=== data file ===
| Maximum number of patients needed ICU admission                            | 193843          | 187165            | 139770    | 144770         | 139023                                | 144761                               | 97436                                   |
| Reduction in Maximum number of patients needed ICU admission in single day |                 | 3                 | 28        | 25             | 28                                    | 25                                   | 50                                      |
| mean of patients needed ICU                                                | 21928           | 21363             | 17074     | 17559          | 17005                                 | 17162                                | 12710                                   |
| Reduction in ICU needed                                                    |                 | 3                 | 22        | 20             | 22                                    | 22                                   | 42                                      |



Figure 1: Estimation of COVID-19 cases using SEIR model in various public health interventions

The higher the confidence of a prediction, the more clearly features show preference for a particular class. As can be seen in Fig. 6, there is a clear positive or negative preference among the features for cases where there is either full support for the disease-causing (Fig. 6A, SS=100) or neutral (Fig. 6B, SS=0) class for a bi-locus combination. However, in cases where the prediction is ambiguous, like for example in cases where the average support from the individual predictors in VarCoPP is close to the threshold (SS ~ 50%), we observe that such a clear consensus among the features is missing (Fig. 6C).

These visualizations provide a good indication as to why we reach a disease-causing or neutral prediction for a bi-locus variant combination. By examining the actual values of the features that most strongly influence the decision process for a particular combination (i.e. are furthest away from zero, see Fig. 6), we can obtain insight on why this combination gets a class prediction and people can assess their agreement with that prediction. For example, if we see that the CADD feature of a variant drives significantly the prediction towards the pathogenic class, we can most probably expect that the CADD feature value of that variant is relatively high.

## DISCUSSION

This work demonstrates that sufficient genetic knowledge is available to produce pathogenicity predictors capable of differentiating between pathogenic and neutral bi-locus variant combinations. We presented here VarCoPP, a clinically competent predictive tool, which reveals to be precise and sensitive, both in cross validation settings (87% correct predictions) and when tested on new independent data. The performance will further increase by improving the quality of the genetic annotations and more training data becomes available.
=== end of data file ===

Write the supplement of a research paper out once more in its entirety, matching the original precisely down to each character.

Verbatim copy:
| Maximum number of patients needed ICU admission                            | 193843          | 187165            | 139770    | 144770         | 139023                                | 144761                               | 97436                                   |
| Reduction in Maximum number of patients needed ICU admission in single day |                 | 3                 | 28        | 25             | 28                                    | 25                                   | 50                                      |
| mean of patients needed ICU                                                | 21928           | 21363             | 17074     | 17559          | 17005                                 | 17162                                | 12710                                   |
| Reduction in ICU needed                                                    |                 | 3                 | 22        | 20             | 22                                    | 22                                   | 42                                      |



Figure 1: Estimation of COVID-19 cases using SEIR model in various public health interventions

The higher the confidence of a prediction, the more clearly features show preference for a particular class. As can be seen in Fig. 6, there is a clear positive or negative preference among the features for cases where there is either full support for the disease-causing (Fig. 6A, SS=100) or neutral (Fig. 6B, SS=0) class for a bi-locus combination. However, in cases where the prediction is ambiguous, like for example in cases where the average support from the individual predictors in VarCoPP is close to the threshold (SS ~ 50%), we observe that such a clear consensus among the features is missing (Fig. 6C).

These visualizations provide a good indication as to why we reach a disease-causing or neutral prediction for a bi-locus variant combination. By examining the actual values of the features that most strongly influence the decision process for a particular combination (i.e. are furthest away from zero, see Fig. 6), we can obtain insight on why this combination gets a class prediction and people can assess their agreement with that prediction. For example, if we see that the CADD feature of a variant drives significantly the prediction towards the pathogenic class, we can most probably expect that the CADD feature value of that variant is relatively high.

## DISCUSSION

This work demonstrates that sufficient genetic knowledge is available to produce pathogenicity predictors capable of differentiating between pathogenic and neutral bi-locus variant combinations. We presented here VarCoPP, a clinically competent predictive tool, which reveals to be precise and sensitive, both in cross validation settings (87% correct predictions) and when tested on new independent data. The performance will further increase by improving the quality of the genetic annotations and more training data becomes available.